9There is also the problem, highlighted earlier, that the key terms are modern ones, and, indeed, ones that have played an important role in modern European thought and are highly contested. Also, the question of their relevance to ancient, including Stoic, thought has been debated in previous scholarship. While not ignoring these points, she does not, on the other hand, incorporate an awareness of them into her analysis, although I think this could have enabled more acute critical reading of the texts. This point also has implications for her claim that Stoic psychology provided the context for the ‘genesis’ of the ideas of individuality and subjectivity – are the ancient and modern ideas really the same? Further, that claim is itself rather unexplored. What broader features of Stoicism (as distinct from other Hellenistic and Roman or earlier Greek thought) made this theory uniquely or especially suitable as the seedbed of these modern notions? And can such claims be adequately explained without at least some reference to the social and economic context of the philosophical ideas?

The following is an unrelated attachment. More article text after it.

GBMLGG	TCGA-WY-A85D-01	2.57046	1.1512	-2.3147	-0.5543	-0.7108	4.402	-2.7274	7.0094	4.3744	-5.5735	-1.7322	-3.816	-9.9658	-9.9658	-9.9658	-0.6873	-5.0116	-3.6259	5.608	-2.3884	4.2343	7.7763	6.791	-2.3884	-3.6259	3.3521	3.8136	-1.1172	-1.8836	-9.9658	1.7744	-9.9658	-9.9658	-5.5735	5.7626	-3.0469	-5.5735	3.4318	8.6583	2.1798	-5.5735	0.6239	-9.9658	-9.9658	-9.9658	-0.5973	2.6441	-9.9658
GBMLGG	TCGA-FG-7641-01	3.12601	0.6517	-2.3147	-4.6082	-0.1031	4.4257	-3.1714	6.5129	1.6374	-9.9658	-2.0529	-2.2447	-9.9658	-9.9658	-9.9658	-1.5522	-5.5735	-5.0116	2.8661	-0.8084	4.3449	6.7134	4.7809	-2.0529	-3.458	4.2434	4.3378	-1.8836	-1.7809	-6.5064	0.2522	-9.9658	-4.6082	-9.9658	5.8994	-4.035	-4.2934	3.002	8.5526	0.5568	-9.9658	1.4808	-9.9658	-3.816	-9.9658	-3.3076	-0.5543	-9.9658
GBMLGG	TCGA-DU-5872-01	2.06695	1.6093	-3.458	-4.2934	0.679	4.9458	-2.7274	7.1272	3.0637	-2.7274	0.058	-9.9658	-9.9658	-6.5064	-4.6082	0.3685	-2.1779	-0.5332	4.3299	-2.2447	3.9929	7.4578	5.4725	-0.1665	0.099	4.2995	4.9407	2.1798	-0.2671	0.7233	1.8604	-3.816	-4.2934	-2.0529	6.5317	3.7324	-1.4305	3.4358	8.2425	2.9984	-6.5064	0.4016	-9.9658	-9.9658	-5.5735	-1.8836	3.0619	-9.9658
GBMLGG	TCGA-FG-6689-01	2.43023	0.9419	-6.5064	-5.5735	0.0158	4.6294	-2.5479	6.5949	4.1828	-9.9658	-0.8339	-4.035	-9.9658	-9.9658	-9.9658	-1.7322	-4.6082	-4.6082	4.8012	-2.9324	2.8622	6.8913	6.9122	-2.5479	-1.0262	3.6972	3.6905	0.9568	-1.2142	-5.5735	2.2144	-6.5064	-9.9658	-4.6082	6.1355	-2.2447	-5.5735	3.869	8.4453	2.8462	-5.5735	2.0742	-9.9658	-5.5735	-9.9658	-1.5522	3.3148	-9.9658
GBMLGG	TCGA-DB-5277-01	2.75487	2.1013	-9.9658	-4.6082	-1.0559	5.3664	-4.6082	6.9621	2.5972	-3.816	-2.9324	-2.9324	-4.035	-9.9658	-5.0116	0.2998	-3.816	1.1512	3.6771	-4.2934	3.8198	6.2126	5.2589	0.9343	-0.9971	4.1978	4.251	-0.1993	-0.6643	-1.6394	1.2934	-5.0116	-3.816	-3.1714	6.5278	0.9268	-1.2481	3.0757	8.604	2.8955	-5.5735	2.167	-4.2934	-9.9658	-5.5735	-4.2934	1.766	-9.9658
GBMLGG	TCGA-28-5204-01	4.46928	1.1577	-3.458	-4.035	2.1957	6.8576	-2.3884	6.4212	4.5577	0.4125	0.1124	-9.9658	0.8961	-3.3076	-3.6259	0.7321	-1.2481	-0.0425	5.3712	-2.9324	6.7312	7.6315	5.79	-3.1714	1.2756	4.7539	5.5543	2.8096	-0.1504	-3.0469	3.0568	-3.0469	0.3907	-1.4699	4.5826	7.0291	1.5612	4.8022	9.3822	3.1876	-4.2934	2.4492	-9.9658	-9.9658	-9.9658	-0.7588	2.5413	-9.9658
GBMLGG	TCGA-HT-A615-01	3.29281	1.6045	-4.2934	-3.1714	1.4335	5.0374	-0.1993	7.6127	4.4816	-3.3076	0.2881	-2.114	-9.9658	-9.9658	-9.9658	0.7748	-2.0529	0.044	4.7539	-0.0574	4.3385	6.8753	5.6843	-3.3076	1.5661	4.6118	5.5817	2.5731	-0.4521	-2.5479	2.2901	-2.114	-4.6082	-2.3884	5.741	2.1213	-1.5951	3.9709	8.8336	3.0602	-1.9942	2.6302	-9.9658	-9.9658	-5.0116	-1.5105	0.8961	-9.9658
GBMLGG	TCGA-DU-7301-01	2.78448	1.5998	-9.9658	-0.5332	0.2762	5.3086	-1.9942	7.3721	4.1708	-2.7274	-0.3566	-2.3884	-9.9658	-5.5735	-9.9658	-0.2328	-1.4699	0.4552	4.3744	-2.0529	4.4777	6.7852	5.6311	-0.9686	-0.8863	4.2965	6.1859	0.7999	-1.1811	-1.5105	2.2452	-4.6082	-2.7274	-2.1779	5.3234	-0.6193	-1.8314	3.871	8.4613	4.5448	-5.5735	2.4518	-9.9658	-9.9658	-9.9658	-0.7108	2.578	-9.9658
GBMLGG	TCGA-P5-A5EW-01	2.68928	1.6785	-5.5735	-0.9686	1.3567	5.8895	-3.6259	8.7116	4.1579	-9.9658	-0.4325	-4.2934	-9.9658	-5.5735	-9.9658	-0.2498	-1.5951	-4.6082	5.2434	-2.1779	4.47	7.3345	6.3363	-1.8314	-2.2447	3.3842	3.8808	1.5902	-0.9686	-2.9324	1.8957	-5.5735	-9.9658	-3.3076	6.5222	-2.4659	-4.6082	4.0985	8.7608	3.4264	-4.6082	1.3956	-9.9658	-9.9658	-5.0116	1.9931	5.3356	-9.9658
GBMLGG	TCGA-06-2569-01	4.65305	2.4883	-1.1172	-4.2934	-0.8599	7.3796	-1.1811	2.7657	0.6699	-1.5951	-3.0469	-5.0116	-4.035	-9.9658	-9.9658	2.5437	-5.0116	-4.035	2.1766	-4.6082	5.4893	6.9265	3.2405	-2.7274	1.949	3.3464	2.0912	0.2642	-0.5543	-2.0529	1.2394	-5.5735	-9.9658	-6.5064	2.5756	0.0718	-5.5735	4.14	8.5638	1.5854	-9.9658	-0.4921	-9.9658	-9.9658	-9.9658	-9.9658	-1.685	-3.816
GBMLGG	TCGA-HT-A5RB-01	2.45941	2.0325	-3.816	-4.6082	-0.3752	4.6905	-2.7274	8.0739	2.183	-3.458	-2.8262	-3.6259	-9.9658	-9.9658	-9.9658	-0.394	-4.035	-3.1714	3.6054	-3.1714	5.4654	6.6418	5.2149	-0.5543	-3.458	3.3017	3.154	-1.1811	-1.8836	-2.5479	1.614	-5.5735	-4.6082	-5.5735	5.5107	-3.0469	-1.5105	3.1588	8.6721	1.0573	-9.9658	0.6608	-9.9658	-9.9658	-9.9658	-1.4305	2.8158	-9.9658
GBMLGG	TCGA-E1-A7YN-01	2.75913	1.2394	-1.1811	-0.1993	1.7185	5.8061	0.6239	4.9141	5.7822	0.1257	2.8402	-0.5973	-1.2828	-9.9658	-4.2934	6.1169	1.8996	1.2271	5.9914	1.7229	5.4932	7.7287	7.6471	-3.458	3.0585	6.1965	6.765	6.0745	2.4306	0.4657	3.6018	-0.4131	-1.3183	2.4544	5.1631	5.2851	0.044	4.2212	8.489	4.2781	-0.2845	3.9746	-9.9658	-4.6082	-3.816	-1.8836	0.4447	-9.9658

10In short, my reservations centre on broader conceptual questions raised by the project rather than the detailed discussion, taken in its own terms. However, I hope that the author will explore such questions in future work, using this comprehensive and well-organised study as a basis for further reflection.

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Christopher Gill, « Marion Bourbon, Penser l’individu. Genèse stoïcienne de la subjectivité »Philosophie antique, 21 | 2021, 291-293.

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Christopher Gill, « Marion Bourbon, Penser l’individu. Genèse stoïcienne de la subjectivité »Philosophie antique [En ligne], 21 | 2021, mis en ligne le 30 avril 2021, consulté le 16 juin 2024. URL : ; DOI :

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Christopher Gill

University of Exeter